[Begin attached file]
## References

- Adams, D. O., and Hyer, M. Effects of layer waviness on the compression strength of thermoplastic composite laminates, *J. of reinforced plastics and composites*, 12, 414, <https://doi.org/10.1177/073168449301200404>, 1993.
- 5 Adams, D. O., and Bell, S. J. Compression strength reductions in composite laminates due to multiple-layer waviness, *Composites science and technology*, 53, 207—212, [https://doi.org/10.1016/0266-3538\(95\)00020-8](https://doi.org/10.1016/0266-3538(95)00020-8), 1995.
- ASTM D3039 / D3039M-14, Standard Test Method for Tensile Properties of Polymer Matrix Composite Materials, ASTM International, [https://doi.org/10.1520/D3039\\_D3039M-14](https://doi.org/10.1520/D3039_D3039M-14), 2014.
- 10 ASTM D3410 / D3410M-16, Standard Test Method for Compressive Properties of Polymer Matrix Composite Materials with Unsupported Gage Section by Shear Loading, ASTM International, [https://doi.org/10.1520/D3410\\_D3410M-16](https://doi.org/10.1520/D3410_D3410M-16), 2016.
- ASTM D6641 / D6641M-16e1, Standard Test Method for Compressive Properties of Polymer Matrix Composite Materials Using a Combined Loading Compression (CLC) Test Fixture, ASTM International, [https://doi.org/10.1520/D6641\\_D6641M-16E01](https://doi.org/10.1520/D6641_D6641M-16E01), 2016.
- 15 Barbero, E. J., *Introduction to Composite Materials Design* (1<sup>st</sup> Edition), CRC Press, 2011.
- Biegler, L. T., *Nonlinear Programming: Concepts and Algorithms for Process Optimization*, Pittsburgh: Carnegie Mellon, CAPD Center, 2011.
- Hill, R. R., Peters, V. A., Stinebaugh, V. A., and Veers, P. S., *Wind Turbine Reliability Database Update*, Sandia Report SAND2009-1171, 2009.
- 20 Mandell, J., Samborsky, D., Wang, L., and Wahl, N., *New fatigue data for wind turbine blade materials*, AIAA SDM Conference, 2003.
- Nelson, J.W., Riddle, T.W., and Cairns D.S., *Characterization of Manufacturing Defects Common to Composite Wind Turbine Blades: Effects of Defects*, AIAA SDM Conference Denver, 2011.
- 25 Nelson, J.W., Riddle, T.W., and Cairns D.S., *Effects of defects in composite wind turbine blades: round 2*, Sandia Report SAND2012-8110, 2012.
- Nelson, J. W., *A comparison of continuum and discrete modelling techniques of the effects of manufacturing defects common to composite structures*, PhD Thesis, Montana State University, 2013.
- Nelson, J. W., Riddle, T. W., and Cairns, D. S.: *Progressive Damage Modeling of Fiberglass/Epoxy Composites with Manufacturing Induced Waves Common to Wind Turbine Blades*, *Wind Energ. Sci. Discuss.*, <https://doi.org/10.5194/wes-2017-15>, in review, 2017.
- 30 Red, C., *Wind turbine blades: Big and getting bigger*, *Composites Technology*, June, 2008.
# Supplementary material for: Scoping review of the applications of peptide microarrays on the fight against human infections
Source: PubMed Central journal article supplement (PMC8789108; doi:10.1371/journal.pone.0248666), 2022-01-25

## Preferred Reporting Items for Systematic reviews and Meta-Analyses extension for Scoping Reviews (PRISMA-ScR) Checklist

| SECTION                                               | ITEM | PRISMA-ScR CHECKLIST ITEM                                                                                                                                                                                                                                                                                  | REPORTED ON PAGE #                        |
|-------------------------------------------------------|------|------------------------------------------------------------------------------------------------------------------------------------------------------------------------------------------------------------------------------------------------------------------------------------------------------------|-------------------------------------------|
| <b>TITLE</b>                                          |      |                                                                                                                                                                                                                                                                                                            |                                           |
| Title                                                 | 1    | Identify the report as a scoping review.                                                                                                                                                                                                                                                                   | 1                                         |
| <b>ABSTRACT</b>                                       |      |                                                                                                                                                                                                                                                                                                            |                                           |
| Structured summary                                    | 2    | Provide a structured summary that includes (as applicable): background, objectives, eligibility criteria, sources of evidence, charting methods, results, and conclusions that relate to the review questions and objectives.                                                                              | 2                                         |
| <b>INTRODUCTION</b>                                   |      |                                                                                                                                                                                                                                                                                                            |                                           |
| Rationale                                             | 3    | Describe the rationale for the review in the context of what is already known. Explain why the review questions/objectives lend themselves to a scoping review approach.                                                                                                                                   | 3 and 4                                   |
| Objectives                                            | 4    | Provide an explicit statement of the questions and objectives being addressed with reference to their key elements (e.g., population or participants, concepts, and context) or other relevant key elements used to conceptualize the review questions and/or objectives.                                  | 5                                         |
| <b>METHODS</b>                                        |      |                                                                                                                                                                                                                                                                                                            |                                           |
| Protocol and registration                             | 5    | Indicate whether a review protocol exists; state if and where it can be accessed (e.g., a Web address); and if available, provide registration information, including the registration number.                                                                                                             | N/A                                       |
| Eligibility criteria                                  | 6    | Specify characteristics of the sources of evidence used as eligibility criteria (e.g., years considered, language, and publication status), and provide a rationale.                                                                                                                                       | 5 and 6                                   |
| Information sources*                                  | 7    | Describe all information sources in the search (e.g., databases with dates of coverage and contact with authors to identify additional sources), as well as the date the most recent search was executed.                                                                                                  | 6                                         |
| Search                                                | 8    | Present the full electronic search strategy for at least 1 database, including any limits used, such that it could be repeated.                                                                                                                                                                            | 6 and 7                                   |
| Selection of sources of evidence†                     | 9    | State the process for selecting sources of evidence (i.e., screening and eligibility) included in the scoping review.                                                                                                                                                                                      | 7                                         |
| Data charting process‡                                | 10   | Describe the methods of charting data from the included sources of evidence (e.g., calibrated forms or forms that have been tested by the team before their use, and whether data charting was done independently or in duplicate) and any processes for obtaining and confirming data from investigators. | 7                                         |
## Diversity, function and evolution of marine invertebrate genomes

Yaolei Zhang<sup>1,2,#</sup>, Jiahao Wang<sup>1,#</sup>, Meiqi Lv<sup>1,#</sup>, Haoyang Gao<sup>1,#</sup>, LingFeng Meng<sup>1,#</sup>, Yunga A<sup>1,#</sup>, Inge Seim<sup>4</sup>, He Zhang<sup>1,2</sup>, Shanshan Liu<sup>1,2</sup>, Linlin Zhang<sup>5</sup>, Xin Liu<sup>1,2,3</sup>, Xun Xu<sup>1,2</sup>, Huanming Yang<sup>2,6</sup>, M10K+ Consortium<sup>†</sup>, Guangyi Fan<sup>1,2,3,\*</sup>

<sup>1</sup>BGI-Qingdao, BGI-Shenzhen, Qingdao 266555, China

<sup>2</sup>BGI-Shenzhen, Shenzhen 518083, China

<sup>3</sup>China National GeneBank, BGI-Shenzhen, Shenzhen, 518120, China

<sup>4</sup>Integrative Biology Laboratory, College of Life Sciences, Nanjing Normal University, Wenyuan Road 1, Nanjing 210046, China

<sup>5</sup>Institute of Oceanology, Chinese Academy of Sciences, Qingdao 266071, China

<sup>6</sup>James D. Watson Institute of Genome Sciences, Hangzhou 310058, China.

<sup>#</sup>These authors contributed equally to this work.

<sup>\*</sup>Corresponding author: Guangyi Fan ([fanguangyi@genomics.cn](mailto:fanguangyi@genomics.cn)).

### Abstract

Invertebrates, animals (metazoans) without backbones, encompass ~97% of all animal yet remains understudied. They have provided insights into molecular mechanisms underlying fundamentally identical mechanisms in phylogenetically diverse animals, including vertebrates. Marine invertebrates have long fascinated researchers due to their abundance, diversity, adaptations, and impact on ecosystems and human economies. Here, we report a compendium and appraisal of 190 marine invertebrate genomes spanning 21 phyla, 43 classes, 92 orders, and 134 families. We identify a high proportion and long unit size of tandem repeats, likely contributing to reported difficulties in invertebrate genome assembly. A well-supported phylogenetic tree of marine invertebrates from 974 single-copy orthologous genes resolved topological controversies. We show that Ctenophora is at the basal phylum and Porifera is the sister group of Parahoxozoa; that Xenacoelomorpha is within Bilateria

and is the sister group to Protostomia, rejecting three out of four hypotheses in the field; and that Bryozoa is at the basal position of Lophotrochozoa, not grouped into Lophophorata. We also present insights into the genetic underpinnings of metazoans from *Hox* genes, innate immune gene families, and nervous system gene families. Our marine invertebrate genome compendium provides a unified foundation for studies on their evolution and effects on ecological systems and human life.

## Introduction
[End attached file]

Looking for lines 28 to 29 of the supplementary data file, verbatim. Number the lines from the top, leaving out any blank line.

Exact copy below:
| <b>METHODS</b>                                        |      |                                                                                                                                                                                                                                                                                                            |                                           |
| Protocol and registration                             | 5    | Indicate whether a review protocol exists; state if and where it can be accessed (e.g., a Web address); and if available, provide registration information, including the registration number.                                                                                                             | N/A                                       |